Read more: PRI
Life is hard for immigrant children – new place, new friends, new language. Starting from next January, 4 and 5-year-olds in four cities across Europe will be getting a helping hand, by testing out robot tutors to help them get up to speed in the local language.
The project, called L2TOR, is run by linguists and roboticists from a consortium of universities across Europe. It aims to help young children gain the language skills they need when they enter the school system. The pilot will see children working with robots to boost their Dutch in the cities of Tilburg and Utrecht and German in Bielefeld, while kids in Istanbul in Turkey will get help with English.
L2TOR will have children work through a language course on a tablet computer under the watchful eye of a NAO robot. These bots are made by French firm Aldebaran Robotics and are often used in classrooms. Before starting the lesson, the robot will explain what the child is going to learn, then, once the lesson is under way, it will observe the child’s body language and assist them when they get stuck.
“We want to help these children improve their language skills through one-to-one interaction with a robot, to help them catch up,” says Paul Vogt of Tilburg University in the Netherlands, who works on L2TOR.
Robots have some advantages that humans do not – like infinite patience
Read more: New Scientist
The first language you hear as a baby, even if only for a very brief period, seems to “hardwire” your brain. New research from McGill University and the Montreal Neurological Institute shows that traces of early speech recognition patterns remain even many years later.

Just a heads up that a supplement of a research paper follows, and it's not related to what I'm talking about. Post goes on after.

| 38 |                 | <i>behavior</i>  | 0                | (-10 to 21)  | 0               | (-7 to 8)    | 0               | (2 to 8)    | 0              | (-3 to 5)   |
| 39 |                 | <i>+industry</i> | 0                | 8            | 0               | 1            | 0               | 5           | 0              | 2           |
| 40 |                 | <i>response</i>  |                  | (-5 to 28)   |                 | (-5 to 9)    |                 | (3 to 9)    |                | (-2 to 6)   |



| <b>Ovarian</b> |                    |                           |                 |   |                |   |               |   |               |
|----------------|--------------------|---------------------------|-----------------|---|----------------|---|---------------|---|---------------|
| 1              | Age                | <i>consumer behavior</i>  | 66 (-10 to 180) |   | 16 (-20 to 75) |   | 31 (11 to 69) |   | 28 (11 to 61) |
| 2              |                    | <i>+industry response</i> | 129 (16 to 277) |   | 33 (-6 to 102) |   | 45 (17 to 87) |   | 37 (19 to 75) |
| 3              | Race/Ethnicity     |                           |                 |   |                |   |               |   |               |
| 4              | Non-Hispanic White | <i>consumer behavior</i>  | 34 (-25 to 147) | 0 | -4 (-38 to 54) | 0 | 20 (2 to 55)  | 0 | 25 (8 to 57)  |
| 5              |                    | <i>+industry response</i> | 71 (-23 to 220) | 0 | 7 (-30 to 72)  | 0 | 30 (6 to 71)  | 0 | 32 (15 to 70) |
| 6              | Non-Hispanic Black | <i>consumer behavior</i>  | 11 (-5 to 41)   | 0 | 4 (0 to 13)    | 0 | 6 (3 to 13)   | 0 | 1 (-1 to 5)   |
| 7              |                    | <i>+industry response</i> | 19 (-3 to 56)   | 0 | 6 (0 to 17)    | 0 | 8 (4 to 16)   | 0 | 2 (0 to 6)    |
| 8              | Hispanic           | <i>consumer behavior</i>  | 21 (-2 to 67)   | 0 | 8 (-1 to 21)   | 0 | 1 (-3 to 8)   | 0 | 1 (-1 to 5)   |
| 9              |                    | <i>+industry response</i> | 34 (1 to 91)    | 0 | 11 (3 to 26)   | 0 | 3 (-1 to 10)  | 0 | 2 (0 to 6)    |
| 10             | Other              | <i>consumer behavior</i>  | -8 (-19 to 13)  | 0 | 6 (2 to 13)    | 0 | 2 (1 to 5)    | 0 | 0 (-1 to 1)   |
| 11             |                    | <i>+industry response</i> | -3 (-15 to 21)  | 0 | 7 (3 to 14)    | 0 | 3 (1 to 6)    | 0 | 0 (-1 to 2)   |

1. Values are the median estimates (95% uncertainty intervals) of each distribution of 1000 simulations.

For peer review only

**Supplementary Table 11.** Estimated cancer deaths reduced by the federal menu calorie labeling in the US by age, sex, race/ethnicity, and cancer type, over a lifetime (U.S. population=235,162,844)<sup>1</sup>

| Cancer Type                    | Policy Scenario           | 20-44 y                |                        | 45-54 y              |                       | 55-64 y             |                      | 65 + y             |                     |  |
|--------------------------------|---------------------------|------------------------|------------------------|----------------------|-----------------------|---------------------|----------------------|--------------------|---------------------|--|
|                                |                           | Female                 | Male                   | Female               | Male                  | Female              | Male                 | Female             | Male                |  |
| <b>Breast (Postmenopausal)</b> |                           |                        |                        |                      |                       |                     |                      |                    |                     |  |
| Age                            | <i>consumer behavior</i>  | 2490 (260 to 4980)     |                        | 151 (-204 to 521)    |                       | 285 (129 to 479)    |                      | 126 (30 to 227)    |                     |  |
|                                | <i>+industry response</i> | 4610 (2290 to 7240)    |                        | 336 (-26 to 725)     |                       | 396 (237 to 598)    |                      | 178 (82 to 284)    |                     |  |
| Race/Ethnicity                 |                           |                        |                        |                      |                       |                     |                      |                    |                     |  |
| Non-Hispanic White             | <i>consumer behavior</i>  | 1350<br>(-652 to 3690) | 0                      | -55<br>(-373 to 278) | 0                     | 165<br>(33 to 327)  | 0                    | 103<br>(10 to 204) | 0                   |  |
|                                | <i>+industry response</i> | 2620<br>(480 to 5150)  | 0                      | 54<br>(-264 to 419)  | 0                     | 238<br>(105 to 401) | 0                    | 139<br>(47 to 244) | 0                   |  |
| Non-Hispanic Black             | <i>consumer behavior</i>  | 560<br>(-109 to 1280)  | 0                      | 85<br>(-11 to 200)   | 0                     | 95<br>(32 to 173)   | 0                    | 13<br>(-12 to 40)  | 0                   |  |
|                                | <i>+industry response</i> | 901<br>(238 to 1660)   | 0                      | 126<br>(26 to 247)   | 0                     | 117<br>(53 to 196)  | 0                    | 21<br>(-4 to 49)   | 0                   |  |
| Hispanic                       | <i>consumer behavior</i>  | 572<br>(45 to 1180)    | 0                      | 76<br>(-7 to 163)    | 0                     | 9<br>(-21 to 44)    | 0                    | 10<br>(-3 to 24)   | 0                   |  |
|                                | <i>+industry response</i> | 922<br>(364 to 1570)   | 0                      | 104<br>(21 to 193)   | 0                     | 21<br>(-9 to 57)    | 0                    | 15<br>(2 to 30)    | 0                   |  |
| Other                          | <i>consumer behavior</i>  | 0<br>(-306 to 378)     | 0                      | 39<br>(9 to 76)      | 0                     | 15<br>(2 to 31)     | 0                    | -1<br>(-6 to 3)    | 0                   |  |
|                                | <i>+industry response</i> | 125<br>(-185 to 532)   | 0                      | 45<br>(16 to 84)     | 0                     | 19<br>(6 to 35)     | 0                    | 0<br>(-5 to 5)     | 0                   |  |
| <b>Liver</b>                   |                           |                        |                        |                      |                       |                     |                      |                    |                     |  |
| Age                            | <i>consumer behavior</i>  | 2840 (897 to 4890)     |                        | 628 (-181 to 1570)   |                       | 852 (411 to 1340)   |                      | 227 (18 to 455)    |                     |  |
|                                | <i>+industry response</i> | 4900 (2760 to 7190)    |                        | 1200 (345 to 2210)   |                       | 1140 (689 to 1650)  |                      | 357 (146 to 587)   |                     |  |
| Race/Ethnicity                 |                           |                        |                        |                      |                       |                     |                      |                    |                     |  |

Fred Genesee (PhD) is professor Emeritus in the Department of Psychology at McGill University in Montreal and a co-author of the new study.
The study entitled ”Past Experience Shapes Ongoing Neural Patterns for Language” was published in the scientific journal Nature Communications.
This newest study builds on an earlier one in which Chinese-sounding words were tested on Chinese children who had been adopted from China as babies by French-speaking Quebec couples.
The children had not heard Chinese spoken since the adoption and had then grown up as monolingual French speakers.
In that study they were compared with fluently bilingual Canadian-born children of Chinese descent who learned to speak Chinese and then French. That study showed the adoptees’ brains, even though having no knowledge of Chinese, reacted similarly to the Chinese sounding words as those of the bilingual children.
Read more: Radio Canada International
Sanskrit will be used to teach science, medicine and law at schools and universities across India under the latest bid to revive the ancient language by the country’s Hindu nationalist government.
A new committee has been charged with promoting the use of the classical language, which was once spoken across the Indian subcontinent but today has just 14,000 native speakers.
The committee has been asked to “recommend measures to integrate the study of the ancient language with other disciplines such as physics, chemistry, mathematics, medical science and law”, according to a report in the Indian Express newspaper.
Read more: The Telegraph
As children around the country go back to school, a new comparative study of spoken English reveals that we talk about education nearly twice as much as we did twenty years ago.
The study, which compares spoken English today with recordings from the 1990s, allows researchers at Cambridge University Press and Lancaster University to examine how the language we use indicates our changing attitudes to education.
They found that the topic of education is far more salient in conversations now, with the word cropping up 42 times per million words, compared with only 26 times per million in the 1990s dataset.
As well as talking about education more, there has also been a noticeable shift in the terms we use to describe it. Twenty years ago, the public used fact-based terms to talk about education, most often describing it as either full-time, or part-time.
Read more: Phys.org